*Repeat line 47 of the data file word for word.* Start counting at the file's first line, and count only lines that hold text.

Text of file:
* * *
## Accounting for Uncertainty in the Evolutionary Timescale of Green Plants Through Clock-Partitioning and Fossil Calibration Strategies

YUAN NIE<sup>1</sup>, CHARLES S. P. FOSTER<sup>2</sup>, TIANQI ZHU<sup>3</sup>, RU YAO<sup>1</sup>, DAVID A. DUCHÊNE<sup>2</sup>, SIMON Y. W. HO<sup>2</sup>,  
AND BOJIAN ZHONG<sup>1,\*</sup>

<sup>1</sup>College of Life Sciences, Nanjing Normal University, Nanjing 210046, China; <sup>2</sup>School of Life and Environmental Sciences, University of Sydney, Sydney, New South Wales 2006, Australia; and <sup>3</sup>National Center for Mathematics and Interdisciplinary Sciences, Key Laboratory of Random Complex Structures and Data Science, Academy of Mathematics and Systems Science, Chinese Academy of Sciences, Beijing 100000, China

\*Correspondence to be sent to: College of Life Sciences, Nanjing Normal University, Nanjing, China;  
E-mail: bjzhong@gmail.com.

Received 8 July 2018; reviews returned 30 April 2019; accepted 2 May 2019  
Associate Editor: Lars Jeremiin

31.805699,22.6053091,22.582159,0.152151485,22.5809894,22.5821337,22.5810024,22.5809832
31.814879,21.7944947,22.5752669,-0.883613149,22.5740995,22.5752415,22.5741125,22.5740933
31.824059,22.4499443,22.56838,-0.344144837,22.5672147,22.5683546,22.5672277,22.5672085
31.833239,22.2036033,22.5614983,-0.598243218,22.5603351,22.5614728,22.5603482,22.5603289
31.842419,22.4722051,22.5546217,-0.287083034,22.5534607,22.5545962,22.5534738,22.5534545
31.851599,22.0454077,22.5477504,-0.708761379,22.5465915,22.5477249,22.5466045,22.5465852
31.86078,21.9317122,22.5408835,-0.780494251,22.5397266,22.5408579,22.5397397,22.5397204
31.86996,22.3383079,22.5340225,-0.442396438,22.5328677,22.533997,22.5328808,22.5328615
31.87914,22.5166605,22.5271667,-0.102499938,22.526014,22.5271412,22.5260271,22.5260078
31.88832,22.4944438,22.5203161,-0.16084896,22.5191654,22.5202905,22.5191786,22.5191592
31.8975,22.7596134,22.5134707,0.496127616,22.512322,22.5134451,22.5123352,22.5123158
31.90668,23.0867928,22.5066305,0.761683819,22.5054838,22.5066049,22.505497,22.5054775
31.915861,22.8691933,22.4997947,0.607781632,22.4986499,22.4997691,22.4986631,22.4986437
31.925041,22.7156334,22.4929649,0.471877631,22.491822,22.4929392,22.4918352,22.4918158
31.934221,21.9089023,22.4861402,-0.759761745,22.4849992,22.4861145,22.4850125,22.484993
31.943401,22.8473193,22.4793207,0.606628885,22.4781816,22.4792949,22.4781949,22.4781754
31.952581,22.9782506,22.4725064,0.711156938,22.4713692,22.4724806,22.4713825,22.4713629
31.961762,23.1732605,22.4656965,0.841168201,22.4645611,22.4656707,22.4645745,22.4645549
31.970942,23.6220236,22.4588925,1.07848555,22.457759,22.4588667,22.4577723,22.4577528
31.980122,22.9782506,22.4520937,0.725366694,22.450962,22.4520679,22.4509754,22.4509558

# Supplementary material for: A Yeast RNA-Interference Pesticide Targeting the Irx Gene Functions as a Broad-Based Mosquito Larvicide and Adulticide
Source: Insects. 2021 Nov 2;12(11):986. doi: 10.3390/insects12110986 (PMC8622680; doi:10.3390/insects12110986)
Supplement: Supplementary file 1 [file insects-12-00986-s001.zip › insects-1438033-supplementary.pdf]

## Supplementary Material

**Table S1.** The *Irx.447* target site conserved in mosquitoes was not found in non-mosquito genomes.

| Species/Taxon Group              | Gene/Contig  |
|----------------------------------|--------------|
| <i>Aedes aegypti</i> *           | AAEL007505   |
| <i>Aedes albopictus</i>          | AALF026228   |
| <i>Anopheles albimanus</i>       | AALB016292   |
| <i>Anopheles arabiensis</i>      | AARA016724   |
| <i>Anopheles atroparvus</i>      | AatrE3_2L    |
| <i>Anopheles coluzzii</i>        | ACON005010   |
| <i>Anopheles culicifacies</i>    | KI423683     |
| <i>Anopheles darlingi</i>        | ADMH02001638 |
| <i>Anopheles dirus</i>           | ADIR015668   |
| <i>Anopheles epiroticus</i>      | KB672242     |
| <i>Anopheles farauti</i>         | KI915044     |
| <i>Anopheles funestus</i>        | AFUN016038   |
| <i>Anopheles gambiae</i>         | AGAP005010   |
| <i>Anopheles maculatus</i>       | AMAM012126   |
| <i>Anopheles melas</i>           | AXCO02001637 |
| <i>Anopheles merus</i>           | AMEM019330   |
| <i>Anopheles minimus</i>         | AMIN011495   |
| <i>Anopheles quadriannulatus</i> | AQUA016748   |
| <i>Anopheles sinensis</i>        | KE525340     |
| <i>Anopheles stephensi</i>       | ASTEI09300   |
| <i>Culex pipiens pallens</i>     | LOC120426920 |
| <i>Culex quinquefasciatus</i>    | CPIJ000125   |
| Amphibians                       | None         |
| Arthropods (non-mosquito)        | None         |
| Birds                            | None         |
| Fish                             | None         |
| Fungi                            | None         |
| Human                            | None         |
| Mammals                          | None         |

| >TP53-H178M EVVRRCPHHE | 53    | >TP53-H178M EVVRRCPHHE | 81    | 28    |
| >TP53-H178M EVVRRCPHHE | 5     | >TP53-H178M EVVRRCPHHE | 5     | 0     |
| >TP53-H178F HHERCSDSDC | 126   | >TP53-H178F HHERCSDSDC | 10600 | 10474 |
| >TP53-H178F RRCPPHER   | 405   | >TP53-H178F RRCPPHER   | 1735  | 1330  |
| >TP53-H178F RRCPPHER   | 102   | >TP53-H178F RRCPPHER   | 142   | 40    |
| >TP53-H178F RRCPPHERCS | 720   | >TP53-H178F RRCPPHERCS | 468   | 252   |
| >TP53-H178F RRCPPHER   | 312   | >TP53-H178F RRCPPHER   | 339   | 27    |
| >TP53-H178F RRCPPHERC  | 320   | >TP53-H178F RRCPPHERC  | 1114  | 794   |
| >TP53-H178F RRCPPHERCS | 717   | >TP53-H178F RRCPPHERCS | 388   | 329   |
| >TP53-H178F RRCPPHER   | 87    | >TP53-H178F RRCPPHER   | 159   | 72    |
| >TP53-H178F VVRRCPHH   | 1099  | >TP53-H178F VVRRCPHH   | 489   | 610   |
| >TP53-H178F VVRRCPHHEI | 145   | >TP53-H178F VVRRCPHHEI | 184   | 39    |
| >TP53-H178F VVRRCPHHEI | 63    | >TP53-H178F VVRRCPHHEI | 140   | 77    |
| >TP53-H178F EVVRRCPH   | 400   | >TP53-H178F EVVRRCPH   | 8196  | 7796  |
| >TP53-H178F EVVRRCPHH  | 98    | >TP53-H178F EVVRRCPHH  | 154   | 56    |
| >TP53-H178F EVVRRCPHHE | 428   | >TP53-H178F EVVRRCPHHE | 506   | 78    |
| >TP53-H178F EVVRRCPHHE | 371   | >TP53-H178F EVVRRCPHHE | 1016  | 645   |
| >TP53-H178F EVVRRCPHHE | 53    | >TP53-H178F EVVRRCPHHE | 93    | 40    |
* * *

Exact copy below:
| <i>Anopheles funestus</i>        | AFUN016038   |